How to Avoid Burnout in College
It’s that time of year again where the weather is colder, assignment deadlines are piling up and finals are approaching. Now that I’ve gone through this routine a few times, I’ve learned an important lesson the hard way: burnout is real.
Burnout isn’t always a result of too many assignments or projects. It’s often a combination of many factors: dealing with new situations, pressure, lack of sleep, inconsistent daily schedules, lack of social support and more. When I hit the point of burnout, I find that I can’t concentrate, my mood and energy is low, I feel physically exhausted and I don’t perform well at all (which only adds to the stress).
While I’m not an expert by any means, I have learned through my own personal experiences that there are ways to be proactive and reduce your risk for reaching the point of burnout, which I’m going to share with you today.
Take control of what you can, and acknowledge what is out of your control.
For example, group projects used to stress me out so badly because I always ended up being the person who does all the work last-minute. However, I’ve come to realize that I can’t control someone else’s work ethic. I can, however, be more communicative about my concerns.
If I’m put in a group project situation now, I am vocal from the start about delegating tasks evenly and knowing what is expected from each person. I’m not as stressed out by group projects anymore because I know that some people will always have poor work ethic, but at least this way everyone in the group knows what they’re expected to do and the blame will fall on the right person instead of on me.
Find something that you look forward to every day.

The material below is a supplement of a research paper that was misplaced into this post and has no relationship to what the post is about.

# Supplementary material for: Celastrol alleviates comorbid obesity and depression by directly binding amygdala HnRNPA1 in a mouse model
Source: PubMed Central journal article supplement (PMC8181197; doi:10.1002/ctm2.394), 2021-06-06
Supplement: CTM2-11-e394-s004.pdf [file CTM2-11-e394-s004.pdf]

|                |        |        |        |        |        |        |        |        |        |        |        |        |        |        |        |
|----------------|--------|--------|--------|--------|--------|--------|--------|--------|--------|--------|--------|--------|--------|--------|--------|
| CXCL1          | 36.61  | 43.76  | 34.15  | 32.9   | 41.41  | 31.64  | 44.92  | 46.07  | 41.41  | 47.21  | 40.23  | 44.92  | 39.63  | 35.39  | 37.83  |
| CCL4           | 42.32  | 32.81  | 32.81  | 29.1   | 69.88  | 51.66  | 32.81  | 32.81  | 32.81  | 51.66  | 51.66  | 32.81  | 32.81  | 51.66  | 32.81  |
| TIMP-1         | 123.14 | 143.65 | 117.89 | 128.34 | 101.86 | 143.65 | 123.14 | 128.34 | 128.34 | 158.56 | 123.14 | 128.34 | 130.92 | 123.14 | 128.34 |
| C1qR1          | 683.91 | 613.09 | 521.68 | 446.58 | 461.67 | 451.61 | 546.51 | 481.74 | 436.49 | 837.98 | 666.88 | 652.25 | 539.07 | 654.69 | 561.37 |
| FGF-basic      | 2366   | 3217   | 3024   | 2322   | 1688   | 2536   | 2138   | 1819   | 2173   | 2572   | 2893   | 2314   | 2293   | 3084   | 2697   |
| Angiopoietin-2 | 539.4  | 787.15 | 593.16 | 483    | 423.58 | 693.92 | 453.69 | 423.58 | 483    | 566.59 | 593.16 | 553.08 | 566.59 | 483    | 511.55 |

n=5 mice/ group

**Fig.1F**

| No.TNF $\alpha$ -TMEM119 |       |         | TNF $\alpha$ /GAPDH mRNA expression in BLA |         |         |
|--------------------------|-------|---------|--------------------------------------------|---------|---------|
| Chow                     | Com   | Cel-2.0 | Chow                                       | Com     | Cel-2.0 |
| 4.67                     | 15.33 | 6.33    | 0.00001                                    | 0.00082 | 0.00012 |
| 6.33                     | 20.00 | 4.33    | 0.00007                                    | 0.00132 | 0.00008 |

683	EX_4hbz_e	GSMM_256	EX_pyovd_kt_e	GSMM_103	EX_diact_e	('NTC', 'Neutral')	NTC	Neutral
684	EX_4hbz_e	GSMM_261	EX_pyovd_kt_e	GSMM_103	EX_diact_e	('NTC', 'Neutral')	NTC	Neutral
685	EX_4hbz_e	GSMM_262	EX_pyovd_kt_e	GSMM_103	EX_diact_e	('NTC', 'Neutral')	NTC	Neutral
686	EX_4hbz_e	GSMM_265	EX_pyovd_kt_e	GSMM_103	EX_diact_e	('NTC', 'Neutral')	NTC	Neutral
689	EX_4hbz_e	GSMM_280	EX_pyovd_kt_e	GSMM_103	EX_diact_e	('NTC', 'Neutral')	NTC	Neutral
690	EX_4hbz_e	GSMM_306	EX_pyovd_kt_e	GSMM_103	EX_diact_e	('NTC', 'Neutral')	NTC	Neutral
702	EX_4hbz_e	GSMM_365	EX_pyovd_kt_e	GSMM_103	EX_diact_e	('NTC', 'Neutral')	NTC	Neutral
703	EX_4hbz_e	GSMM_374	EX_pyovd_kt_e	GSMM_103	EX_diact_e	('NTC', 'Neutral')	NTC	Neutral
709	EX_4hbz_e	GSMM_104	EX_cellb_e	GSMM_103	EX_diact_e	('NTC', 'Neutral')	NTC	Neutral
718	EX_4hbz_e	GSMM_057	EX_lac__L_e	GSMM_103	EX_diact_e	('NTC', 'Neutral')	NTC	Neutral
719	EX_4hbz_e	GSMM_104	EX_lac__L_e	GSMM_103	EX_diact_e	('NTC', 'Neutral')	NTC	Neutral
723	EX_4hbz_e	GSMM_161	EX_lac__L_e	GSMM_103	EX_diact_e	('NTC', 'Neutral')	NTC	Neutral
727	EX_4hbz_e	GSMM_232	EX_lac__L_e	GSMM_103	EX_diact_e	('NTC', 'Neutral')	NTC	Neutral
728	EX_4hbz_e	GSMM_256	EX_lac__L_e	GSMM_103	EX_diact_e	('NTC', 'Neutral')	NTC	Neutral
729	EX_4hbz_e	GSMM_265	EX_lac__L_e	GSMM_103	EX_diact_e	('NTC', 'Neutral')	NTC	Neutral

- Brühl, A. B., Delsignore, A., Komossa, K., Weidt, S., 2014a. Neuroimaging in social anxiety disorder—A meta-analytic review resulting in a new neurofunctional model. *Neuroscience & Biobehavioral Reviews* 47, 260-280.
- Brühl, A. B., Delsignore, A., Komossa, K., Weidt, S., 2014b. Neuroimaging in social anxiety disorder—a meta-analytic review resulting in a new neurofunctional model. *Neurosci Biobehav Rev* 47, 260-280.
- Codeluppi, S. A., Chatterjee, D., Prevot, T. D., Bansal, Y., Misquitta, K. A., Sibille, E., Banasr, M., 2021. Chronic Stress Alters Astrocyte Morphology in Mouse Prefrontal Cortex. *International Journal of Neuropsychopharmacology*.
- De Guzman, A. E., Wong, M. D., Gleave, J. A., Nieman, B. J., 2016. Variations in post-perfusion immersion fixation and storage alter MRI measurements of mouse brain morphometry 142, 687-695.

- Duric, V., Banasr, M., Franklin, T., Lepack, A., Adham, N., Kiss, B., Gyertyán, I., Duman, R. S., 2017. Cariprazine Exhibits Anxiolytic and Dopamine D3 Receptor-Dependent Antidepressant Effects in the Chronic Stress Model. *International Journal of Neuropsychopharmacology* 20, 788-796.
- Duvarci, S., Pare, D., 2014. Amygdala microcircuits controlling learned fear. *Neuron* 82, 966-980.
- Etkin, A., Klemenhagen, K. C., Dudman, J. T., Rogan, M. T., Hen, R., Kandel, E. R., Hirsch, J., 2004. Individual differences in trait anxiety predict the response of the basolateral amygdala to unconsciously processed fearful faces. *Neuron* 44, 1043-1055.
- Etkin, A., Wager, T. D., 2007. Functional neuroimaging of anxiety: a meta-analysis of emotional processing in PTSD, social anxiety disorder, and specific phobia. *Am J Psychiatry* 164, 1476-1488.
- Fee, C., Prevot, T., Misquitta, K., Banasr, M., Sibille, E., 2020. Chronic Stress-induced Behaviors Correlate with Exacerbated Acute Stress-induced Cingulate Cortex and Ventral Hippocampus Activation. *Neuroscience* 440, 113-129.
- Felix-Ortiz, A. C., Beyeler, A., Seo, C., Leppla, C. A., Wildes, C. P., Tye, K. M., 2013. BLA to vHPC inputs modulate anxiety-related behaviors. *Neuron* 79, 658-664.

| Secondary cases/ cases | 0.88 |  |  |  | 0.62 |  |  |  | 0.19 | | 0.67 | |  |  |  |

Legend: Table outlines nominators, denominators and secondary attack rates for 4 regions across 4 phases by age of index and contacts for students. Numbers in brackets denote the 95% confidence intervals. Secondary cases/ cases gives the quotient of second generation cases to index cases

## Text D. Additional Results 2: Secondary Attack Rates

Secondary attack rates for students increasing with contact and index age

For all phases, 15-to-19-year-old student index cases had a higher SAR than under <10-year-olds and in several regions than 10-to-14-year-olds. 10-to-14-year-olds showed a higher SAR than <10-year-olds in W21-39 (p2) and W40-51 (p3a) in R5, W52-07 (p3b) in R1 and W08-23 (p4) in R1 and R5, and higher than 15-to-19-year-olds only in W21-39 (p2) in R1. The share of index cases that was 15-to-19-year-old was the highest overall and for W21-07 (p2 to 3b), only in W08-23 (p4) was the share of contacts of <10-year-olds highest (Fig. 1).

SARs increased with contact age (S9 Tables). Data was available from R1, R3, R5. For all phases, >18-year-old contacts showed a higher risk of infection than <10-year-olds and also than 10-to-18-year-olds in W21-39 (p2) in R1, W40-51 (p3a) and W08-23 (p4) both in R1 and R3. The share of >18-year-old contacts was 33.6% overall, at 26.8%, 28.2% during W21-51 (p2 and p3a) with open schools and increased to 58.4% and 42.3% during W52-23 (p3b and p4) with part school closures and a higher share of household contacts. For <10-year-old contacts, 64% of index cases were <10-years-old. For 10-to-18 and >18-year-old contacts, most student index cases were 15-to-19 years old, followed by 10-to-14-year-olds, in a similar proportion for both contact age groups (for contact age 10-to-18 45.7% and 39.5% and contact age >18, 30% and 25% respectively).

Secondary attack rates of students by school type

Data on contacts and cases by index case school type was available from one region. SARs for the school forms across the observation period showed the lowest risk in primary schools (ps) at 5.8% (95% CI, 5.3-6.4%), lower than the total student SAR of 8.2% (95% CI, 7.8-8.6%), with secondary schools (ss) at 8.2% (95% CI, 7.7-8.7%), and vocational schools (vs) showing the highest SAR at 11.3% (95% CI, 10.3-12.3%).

It doesn’t have to be anything big. Maybe it’s watching the next episode of your favorite show, or maybe it’s getting to talk to a friend. Some things that I look forward to doing every day include making a cup of coffee every morning, playing with my cat and reading before bed. It helps me feel as if I have some sort of structure going on in my life.
Cut out or limit additional stressors, and take a break if you need to.
If you feel pressured to be social, to hang out with your friends when you don’t feel like it or to listen to other peoples’ problems when you’re trying to get stuff done, prioritize yourself and be vocal about your needs. It’s okay to cancel plans to work on your assignments. It’s okay to tell someone that you can’t give them advice right away because you’re too busy. It’s okay to ditch a party to catch up on sleep.
This is a lot easier said than done. I know. But most people are understanding and don’t take it personally, and if they do, they might not be the best friends for you. You don’t owe anything to anyone except yourself. Just be honest about your situation and let people know that you still care, and they will understand.
I personally dedicate about one evening a week to be completely unproductive. I always look forward to those nights, and I avoid scheduling anything that overlaps with the time I set aside for myself!
Take care of your physical health.
It’s hard to do your best when your body is running off of instant ramen noodles and 4 hours of sleep. (Yes, this is me roasting myself.)
Spend time outdoors and get some sunlight. Eat whole foods. Drink plenty of water. Get some movement going. We hear this all the time, I know, but there’s a reason that we do.
Remember the long-term goal.
When you walk across that stage and receive your degree, nothing will be able to replace that feeling. You’ll know how hard you worked to get your higher education, and that it all paid off. Your friends and family will be proud of you, but most importantly, you’re going to be proud of yourself and you won’t remember the difficult days because you have so much more ahead. And then, you can embark on the next part of your life journey.